Irzhresht was hurrying aft along the curved passageway. Riordan glanced sideways as they passed a small orange hatch that led to a cluster of escape pods. “Irzhresht, where are we–?”

Alnduul’s voice interrupted–from inside Caine’s head. “Do not disturb Irzhresht unless it is absolutely necessary. She is coordinating a variety of tasks, even as you move. She is bringing you to the ventral interface bay.”

“Why? And how the hell am I hearing your voice inside my head?”

“The control circlet you are wearing stimulates your mastoid process, thereby inducing sound that emerges in your middle ear. This ensures clarity in chaotic audial environments. You are wanted in the bay to provide assistance. There is a problem with our landing.”

“Landing? We’re at the planet already? I never even felt us shift.”

“I am not surprised. You ate a considerable meal. Also, we arrived within twenty planetary diameters of our destination.”

“You mean the moon with the breathable atmosphere?”

“Yes. As per our standard operating procedure, the local port authority was given control for Olsloov’s final approach. That is the problem.”

Irzhresht turned, gestured that Riordan should continue through a large bulkhead door. She continued on. Riordan nodded his thanks, but the spindly Dornaani was already stalking out of sight. Shrugging, Caine approached the door–and almost banged his forehead into it. Unlike the others on Olsloov, it had not opened automatically.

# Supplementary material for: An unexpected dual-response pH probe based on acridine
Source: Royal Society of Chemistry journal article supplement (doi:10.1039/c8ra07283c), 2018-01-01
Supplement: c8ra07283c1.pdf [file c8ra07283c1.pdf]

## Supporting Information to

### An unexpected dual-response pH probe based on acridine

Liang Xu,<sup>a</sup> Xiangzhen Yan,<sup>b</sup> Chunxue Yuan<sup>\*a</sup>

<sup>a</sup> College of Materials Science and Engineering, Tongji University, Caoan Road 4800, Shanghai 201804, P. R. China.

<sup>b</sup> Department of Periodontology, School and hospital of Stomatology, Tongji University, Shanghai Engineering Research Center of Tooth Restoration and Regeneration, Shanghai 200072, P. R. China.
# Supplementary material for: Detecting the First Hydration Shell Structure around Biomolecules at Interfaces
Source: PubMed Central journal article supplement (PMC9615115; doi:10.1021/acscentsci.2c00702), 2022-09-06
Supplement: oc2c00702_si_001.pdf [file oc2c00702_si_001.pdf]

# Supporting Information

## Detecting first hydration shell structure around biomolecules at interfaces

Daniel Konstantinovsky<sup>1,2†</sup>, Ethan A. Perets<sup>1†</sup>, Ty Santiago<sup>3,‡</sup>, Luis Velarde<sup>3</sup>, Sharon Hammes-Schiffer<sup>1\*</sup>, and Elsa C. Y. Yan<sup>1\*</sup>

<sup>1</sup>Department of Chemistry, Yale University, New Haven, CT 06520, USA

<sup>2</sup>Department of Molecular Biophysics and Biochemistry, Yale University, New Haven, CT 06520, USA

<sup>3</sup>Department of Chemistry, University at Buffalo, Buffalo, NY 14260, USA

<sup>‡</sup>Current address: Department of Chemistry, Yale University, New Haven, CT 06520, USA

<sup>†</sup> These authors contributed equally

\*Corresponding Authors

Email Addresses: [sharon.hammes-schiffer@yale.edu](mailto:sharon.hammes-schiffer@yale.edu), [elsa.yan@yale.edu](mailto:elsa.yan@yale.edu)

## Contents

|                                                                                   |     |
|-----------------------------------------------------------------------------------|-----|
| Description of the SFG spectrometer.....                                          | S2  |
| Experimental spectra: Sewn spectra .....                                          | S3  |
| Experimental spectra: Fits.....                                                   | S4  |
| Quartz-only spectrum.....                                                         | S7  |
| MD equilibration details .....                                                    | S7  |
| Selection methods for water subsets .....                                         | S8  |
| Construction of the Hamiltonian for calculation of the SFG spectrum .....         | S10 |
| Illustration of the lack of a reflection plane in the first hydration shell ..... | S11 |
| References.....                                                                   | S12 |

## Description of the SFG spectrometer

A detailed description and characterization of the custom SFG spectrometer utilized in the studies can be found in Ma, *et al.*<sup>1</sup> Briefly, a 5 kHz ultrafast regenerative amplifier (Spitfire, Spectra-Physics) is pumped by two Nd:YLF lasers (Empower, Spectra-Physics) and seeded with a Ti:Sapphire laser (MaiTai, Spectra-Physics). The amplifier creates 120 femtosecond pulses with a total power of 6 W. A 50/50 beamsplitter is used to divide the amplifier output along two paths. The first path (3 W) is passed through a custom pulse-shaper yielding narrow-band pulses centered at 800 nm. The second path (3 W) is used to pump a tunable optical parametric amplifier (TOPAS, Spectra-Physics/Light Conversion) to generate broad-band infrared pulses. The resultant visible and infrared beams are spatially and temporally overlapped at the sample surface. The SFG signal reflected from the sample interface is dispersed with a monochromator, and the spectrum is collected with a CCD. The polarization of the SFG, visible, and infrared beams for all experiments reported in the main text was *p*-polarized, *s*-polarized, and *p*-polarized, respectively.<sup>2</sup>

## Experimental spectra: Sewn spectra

Alnduul sounded like he was situated between Caine’s ears. “Tell it to open.”

“Uh… ‘open,'” Riordan ordered the door.

“Not with words,” Alnduul corrected. “Visualize what you wish it to do. A gesture may help focus your will.”

Riordan pushed past the implausibility of a machine capable of reading his mind, waved the door aside as he imagined it complying.

The door opened. Not far beyond, Alnduul was strapping himself into a unipiece belt-and-backpack unit. Narrow control arms sprouted from its sides, each one ending in a joystick. “Your unit is to the right of the door. Don it.”

Caine removed the device from its rack, wondered if he had ever heard anyone use the word “don” as a verb before, and fought against becoming mesmerized by the other contents of bay. Sleek shuttle-sized craft lined the bulkhead walls, each moored in a hexagonal framework that resembled a reconfigurable geodesic grid. Impossibly small aircars fitted with clear canopies were snugged in smaller but similarly angular webworks. A wide variety of what appeared to be storage units were fixed to the deck, but Riordan could not bring himself to think of them as ‘crates’. Smooth-surfaced orthogonal solids, they looked more like cubist evocations of basic geometric shapes.

“Caine Riordan, greater alacrity, please. Time is short.”